If you stop by Wal-Mart on the way home, no problem. If you buy anything related to your truck (like engine oil), or you stop by a truckstop and send in a fax or trip envelope, you're ON DUTY. And because you had responsibilities to the MC, you have to stay on duty.

    Now- here's my advice- do what you usually do and expect to be put out of service. Or not. Or maybe almost. But not quite. Don't show the friendly Trooper your Wal-Mart receipt for oil. Do drop to your knees and beg him for leniency. Prostrate yourself before the authority of the State and beg for mercy. Crying helps. Take off a sock and polish the toes of his boots while you're down there. Tell him that no one knows for certain what to do in your situation and you're a NooB. Ask him what he would do if he had to drive a truck for a living. DON'T ask him to take $100.00 and forget about it.

    If you have PeopleNet, you have to change to PC.

    Hope that helps. Or not. Well, it could if you didn't get confused.

  11. #9
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    Quote Originally Posted by dave26027 View Post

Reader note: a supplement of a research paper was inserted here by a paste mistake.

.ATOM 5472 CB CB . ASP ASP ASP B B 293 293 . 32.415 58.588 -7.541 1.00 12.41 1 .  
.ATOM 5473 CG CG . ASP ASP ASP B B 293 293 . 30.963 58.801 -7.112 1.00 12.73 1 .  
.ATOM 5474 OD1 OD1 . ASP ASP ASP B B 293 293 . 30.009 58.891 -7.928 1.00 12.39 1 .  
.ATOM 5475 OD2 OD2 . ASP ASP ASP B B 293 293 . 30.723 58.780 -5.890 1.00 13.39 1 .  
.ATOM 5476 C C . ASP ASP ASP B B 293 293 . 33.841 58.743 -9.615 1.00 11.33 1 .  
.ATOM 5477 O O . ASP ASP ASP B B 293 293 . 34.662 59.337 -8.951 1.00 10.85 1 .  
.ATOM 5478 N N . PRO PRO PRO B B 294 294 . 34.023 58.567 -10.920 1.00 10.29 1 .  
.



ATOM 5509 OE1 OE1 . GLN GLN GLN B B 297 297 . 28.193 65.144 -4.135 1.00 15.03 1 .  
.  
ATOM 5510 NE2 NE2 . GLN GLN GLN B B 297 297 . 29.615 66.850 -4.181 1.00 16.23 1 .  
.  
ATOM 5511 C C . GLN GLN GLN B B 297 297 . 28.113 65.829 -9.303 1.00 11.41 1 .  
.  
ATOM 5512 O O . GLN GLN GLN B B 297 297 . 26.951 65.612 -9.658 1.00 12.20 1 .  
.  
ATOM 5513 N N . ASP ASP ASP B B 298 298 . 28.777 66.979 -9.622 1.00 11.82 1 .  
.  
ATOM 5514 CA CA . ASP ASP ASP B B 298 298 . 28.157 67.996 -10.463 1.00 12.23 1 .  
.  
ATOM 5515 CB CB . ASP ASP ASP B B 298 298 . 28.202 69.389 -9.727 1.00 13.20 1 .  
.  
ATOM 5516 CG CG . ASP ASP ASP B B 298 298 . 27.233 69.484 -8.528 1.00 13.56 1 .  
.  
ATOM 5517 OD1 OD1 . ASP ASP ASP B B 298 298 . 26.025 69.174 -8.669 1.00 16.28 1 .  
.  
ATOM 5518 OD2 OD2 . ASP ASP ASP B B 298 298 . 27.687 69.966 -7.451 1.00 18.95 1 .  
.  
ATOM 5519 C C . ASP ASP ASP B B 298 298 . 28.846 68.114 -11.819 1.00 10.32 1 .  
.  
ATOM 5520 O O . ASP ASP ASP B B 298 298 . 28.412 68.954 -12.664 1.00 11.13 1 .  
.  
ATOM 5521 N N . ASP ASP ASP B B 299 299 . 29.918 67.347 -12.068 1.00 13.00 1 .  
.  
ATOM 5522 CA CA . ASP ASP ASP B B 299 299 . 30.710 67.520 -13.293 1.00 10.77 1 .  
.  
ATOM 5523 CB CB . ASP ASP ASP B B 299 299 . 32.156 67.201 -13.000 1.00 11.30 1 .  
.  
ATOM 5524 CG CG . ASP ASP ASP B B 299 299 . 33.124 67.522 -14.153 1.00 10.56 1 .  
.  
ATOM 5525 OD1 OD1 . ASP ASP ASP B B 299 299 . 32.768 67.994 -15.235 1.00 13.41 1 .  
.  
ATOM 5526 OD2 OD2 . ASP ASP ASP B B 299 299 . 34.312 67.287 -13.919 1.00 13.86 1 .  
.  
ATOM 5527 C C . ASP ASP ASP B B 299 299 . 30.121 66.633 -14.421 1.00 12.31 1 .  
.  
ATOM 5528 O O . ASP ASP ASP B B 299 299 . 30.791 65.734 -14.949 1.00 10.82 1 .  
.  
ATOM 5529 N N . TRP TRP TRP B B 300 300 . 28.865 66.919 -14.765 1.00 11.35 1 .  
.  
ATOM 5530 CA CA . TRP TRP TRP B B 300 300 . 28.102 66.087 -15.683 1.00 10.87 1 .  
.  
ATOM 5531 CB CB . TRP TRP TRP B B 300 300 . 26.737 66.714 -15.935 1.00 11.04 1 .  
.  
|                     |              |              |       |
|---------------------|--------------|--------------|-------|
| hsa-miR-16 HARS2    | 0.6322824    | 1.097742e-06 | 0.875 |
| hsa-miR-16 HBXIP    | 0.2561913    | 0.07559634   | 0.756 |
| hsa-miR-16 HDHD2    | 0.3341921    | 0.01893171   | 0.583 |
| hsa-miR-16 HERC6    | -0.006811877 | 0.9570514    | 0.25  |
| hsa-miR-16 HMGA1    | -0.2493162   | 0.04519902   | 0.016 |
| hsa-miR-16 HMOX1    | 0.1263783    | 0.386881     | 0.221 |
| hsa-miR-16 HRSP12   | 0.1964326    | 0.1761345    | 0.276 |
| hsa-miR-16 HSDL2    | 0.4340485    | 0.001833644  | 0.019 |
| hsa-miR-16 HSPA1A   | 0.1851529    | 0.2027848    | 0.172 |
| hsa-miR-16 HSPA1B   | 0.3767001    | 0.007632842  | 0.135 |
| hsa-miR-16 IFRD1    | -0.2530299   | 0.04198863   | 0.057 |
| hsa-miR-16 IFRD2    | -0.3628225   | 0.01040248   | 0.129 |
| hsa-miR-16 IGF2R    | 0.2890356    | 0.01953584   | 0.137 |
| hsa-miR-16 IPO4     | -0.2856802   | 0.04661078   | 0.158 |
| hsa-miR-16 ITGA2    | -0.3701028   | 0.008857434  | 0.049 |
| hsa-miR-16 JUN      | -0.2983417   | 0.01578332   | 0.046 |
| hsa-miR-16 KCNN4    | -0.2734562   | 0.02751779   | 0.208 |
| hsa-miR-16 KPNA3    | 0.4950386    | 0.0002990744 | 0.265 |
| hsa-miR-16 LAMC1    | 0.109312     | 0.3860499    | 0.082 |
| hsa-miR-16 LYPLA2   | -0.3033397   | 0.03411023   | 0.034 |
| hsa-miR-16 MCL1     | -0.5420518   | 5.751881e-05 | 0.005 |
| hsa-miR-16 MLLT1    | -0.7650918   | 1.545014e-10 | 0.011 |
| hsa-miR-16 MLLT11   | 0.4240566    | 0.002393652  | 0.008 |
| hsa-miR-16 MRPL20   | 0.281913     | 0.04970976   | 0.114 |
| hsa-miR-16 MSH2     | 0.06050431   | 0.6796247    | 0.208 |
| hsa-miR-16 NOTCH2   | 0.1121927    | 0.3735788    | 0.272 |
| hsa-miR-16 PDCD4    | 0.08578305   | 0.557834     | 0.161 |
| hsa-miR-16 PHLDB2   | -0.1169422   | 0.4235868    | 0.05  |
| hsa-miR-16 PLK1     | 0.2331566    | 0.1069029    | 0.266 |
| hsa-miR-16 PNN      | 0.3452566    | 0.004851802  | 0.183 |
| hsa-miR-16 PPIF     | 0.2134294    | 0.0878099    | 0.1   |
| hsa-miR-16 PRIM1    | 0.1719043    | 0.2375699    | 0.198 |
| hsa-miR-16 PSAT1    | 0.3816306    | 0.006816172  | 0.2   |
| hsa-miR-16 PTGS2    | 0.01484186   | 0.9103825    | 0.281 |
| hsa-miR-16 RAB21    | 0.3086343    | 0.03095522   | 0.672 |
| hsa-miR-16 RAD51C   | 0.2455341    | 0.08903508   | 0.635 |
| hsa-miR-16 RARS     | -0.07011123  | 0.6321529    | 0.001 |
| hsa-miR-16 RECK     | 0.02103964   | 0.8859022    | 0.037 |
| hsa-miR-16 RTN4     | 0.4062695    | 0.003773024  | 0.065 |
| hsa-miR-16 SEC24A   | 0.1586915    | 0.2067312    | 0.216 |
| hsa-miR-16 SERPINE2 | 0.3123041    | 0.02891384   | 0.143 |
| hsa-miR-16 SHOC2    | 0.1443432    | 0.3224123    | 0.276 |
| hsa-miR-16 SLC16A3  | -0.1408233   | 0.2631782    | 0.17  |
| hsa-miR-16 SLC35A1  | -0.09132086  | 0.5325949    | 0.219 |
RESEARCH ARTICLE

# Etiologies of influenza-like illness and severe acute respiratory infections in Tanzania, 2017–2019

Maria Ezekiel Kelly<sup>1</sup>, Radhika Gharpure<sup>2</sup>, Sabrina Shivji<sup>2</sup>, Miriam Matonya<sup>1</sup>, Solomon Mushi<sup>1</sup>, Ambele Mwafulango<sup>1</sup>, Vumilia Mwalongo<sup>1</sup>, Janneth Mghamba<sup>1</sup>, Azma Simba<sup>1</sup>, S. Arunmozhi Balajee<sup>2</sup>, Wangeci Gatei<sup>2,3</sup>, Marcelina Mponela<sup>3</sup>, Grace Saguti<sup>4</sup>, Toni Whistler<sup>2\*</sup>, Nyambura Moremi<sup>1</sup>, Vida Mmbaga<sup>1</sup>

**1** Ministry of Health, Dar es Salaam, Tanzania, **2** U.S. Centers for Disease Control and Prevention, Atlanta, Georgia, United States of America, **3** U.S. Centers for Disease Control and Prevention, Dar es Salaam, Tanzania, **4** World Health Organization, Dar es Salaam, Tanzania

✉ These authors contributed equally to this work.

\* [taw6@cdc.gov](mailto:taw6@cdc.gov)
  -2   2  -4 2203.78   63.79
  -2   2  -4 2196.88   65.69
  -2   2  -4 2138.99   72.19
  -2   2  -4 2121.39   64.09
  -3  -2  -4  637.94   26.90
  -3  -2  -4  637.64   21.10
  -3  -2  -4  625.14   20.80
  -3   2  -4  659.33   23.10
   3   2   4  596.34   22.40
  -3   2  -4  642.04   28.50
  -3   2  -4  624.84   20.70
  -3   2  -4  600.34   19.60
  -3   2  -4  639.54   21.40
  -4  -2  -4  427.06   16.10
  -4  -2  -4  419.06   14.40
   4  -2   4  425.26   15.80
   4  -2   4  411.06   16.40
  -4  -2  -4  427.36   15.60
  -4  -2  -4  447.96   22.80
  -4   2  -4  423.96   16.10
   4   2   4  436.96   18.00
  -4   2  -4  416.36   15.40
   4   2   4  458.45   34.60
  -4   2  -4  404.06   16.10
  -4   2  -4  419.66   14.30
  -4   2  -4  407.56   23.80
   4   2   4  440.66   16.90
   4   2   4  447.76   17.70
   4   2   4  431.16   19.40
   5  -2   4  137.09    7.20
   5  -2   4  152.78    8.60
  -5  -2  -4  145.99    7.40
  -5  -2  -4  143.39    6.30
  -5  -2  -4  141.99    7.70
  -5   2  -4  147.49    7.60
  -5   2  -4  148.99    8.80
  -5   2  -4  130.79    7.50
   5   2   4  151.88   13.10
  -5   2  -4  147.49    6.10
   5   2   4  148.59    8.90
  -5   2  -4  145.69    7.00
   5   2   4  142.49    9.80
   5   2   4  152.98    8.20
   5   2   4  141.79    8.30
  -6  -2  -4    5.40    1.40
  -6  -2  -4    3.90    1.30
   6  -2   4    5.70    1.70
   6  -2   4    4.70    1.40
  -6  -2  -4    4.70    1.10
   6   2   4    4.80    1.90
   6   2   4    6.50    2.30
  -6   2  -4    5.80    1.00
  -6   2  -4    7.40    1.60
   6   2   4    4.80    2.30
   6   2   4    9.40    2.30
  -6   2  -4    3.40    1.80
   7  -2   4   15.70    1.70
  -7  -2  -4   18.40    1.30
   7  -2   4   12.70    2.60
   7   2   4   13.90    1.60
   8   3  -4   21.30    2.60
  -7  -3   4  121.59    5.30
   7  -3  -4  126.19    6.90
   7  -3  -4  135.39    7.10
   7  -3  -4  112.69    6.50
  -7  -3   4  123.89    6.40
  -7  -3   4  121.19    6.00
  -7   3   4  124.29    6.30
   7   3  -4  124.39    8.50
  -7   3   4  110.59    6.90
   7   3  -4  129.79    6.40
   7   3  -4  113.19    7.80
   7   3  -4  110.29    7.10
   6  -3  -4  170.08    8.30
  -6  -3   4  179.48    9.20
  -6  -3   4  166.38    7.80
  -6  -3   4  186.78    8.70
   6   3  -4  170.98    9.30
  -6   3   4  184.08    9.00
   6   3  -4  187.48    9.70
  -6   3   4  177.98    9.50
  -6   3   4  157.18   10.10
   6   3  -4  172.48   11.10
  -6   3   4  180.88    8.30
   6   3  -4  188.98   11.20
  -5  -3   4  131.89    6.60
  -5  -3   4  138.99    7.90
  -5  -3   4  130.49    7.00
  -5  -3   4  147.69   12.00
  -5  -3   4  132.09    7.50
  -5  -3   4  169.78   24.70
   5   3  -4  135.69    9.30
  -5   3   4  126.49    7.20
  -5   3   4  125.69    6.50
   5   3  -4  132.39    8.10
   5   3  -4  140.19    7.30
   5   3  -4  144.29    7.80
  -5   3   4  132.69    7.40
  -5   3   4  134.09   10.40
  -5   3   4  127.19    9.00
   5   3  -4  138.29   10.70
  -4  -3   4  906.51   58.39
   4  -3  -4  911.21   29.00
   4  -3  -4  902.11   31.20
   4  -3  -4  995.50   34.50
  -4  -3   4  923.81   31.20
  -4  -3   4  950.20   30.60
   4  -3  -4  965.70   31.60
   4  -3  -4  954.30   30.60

FMCSR 395.1(j). Listen up young man, this is as complicated as it gets.

    You CAN travel home off duty in 2 ways. First, P.C. But not past your hours limits. (11, 14 or 70).

    Second, you can go home if you're inside those limits and you have NO responsibilities to the Motor Carrier. You'll be on duty for this trip until you arrive home and complete a required 10 hour rest break. After your completed rest break, your trip reverts to off duty. And, "No responsibilties to the Motor Carrier changes if you own your own company, lease or are an employee.

    If you stop by Wal-Mart on the way home, no problem. If you buy anything related to your truck (like engine oil), or you stop by a truckstop and send in a fax or trip envelope, you're ON DUTY. And because you had responsibilities to the MC, you have to stay on duty.

    Now- here's my advice- do what you usually do and expect to be put out of service. Or not. Or maybe almost. But not quite. Don't show the friendly Trooper your Wal-Mart receipt for oil. Do drop to your knees and beg him for leniency. Prostrate yourself before the authority of the State and beg for mercy. Crying helps. Take off a sock and polish the toes of his boots while you're down there. Tell him that no one knows for certain what to do in your situation and you're a NooB. Ask him what he would do if he had to drive a truck for a living. DON'T ask him to take $100.00 and forget about it.

    If you have PeopleNet, you have to change to PC.

    Hope that helps. Or not. Well, it could if you didn't get confused.


    The joke forum is down the hall on the left.

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  13. #10
    Road Train Member dave26027's Avatar
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    You're correct- sorry, sarcasm happens when I don't get my coffee all day.